A Labour party member who suggested ‘horse whipping’ Bristol’s black mayor has been forced to apologise for using words with ‘unintentional racial connotations.’
Mal Sainsbury called for a ‘metaphorical horse whip to lick our mayor and councillors into shape’ in a post on Facebook.
The message provoked fury among equalities activists from Operation Black Vote, who called on Mrs Sainsbury to be expelled from the party.
They brought it to the attention of Bristol mayor Marvin Rees, who responded by asking if it was ‘an appropriate way of describing an interaction between a person of white European and black African heritage in a city like Bristol?’
Mal Sainsbury called for a ‘metaphorical horse whip to lick our mayor and councillors into shape’ in a post on Facebook
Bristol mayor Marvin Rees, who responded by asking if it was ‘an appropriate way of describing an interaction between a person of white European and black African heritage in a city like Bristol?’
Mrs Sainsbury claimed she was referring to an incident in 1909, when a suffragette whipped Winston Churchill at the city’s Temple Meads train station.
But she later apologised and conceded it was a ‘lesson in how language matters.’
She said: ‘My words were intended to reference white patriarchal dominance over women. It was about gender and power, not colour.
‘But although unintentional, the imagery also conjured up racial connotations of another dark and dreadful part of Bristol’s history.’
Mrs Sainsbury said she ‘deeply regretted any offence’ and offered ‘a full and unremitting apology to all those affected’.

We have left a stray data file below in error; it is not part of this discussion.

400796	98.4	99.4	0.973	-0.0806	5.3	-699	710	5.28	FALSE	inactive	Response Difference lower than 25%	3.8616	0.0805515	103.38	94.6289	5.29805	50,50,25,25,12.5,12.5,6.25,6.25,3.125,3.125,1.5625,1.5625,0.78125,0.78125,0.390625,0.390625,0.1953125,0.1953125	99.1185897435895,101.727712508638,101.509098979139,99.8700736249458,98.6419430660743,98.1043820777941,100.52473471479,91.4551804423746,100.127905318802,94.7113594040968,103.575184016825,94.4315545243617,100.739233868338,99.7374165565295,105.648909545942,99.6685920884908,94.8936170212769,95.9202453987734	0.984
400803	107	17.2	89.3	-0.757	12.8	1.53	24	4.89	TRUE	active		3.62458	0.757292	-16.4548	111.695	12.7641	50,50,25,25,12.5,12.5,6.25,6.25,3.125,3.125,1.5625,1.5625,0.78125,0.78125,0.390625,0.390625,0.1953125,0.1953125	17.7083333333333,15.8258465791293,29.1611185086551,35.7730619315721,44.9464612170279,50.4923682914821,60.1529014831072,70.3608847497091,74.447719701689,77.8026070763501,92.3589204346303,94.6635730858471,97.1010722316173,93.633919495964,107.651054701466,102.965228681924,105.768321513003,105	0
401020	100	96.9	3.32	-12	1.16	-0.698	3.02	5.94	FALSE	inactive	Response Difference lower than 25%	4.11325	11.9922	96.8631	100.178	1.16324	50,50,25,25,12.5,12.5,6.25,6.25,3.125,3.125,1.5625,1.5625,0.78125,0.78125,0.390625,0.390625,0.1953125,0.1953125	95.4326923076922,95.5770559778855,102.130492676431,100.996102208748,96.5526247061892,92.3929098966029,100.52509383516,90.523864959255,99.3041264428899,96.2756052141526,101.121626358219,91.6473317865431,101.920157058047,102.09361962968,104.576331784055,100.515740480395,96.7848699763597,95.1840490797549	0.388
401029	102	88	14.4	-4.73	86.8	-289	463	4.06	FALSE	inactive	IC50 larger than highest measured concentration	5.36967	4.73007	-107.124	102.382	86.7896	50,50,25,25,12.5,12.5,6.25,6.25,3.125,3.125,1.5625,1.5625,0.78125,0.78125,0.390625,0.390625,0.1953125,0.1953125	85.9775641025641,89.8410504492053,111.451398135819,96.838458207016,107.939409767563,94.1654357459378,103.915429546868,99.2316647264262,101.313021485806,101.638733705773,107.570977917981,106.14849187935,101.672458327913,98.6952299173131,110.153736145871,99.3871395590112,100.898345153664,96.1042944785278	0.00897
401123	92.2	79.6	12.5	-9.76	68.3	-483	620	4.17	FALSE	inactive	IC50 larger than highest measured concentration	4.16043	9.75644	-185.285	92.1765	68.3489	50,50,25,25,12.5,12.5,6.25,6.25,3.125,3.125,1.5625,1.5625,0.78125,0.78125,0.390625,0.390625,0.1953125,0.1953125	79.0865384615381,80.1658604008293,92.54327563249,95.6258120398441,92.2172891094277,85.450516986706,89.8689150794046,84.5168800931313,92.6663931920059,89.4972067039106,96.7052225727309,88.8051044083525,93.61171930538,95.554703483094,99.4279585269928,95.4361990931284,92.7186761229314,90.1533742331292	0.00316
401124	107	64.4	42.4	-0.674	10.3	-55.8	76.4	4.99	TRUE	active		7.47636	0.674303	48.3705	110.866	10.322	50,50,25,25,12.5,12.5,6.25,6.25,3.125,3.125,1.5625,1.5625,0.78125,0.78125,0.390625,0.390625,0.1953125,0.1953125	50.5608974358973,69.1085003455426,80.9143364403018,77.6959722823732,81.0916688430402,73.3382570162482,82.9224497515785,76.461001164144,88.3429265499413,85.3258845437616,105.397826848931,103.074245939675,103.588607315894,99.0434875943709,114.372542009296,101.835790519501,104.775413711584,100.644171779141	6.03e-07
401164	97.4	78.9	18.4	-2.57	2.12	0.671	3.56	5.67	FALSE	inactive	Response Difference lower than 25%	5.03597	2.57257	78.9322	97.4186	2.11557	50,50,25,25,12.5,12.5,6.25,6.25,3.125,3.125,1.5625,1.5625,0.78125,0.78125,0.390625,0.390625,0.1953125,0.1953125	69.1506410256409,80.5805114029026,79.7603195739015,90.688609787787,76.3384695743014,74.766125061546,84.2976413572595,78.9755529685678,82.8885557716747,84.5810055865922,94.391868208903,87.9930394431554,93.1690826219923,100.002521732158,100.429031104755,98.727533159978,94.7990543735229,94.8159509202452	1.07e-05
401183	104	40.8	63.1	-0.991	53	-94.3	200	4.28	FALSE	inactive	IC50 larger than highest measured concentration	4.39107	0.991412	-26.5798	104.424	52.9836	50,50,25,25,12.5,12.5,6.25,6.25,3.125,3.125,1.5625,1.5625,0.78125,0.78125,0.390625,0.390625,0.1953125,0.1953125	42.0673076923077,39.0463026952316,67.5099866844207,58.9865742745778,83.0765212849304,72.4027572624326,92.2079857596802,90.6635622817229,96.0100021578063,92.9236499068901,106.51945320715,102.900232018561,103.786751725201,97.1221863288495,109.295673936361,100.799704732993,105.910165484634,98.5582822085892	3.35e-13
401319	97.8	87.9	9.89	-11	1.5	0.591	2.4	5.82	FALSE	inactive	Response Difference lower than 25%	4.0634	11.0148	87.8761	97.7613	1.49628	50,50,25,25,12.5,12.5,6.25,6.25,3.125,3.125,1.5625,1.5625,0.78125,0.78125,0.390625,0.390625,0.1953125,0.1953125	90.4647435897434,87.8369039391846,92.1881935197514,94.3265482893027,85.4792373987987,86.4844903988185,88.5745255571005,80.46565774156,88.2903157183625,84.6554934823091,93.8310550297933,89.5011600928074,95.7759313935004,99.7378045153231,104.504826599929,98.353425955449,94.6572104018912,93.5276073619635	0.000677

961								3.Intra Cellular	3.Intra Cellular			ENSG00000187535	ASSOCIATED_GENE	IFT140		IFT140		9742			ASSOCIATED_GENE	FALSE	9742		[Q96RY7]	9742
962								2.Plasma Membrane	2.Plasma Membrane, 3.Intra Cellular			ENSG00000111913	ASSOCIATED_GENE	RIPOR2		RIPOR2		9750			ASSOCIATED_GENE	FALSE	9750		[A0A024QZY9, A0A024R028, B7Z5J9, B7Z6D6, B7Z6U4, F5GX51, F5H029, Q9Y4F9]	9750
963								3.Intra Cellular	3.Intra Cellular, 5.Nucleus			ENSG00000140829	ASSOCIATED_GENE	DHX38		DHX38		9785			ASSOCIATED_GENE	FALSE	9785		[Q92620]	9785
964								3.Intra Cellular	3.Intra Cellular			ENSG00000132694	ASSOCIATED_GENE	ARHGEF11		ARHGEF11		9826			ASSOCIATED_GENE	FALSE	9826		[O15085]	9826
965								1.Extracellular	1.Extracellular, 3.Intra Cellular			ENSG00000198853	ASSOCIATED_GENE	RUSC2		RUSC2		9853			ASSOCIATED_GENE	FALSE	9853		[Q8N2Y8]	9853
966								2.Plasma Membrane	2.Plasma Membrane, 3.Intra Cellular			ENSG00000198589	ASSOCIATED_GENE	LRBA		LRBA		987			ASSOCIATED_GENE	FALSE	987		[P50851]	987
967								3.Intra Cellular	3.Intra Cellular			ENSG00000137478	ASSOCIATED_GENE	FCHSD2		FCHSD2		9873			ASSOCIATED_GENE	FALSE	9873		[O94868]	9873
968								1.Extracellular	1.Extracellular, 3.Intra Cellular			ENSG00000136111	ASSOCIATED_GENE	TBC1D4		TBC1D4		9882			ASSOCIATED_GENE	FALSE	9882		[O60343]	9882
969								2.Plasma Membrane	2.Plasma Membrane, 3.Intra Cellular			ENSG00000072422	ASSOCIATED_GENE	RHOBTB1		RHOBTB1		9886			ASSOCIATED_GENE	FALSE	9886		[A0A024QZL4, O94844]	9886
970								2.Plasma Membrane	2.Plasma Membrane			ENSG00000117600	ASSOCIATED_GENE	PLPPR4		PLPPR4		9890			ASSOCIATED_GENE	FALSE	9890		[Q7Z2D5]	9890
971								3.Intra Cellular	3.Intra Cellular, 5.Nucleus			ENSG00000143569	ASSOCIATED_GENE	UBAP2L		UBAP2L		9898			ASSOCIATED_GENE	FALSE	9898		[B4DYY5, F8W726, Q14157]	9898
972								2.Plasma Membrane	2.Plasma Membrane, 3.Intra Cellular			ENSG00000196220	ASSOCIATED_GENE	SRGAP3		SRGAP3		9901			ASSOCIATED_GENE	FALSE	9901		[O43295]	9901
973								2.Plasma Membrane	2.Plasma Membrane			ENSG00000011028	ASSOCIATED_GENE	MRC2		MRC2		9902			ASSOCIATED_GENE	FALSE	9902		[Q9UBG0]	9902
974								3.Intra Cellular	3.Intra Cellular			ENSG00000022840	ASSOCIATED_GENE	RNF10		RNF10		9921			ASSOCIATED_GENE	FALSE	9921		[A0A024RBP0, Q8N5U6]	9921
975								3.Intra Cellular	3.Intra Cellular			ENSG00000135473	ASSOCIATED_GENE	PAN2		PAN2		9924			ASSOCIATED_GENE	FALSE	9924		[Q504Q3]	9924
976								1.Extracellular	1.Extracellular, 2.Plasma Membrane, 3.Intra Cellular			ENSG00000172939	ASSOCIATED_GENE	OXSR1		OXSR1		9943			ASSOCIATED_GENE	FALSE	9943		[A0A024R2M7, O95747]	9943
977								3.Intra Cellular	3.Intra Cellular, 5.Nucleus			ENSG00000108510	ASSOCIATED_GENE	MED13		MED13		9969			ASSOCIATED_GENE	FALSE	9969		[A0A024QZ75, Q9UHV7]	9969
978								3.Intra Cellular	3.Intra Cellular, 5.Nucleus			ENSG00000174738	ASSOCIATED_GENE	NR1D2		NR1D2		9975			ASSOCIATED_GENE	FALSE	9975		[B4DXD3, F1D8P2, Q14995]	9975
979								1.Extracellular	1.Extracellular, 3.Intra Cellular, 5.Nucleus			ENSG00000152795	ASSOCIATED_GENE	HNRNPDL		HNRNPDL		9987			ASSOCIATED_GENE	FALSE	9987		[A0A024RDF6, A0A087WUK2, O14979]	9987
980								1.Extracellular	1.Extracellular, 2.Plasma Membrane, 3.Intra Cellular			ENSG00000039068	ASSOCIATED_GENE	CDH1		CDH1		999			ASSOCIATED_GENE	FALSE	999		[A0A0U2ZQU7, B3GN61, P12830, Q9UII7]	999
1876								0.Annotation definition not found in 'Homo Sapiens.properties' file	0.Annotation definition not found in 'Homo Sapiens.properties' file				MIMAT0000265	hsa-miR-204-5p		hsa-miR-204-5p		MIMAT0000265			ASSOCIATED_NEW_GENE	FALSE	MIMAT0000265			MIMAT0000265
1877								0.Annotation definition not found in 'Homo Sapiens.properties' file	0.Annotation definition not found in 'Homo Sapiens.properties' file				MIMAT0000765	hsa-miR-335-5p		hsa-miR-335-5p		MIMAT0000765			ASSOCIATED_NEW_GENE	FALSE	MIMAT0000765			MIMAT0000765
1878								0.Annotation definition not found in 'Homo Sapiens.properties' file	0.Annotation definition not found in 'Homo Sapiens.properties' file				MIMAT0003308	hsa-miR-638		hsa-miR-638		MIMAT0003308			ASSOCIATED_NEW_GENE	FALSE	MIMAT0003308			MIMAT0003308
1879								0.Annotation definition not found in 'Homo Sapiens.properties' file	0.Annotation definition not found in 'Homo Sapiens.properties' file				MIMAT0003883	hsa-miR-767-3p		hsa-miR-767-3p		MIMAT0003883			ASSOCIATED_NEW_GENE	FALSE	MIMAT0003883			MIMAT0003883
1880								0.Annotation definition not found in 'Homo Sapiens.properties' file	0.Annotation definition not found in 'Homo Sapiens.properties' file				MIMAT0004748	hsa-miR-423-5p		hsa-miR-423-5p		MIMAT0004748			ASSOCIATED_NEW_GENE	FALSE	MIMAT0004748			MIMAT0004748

Bristol has strong links to slavery. Thousands of ships left Bristol for Africa between 1698 and 1807 to exchange enslaved Africans for goods.
Equalities campaigner Marvin Rees became the Bristol mayor in May 2016. He describes himself as the mixed race son of a white single mother.
In his mayoral victory speech, Mr Rees, 45, described his difficult upbringing where he said he was a rare ‘brown’ face on a Bristol housing estate. He said his main reason for entering politics was to create a ‘fairer, more inclusive’ society.
Campaign group Operation Black Vote said they had ‘spoken to her at length personally’ and agreed she was not motivated by racism. They said they were ‘pleased’ with her apology.
Simon Woolley said: ‘Above all, what this episode shows me is that language matters. Whilst I can accept there was no racial intent, it doesn’t mean to say there was no racial hurt.
‘The image of a white person horse whipping a black man in a city like Bristol has clear racial connotations.
‘I’m pleased that Mal Sainsbury has acknowledged this and unreservedly apologised to Marvin and the wider black community.’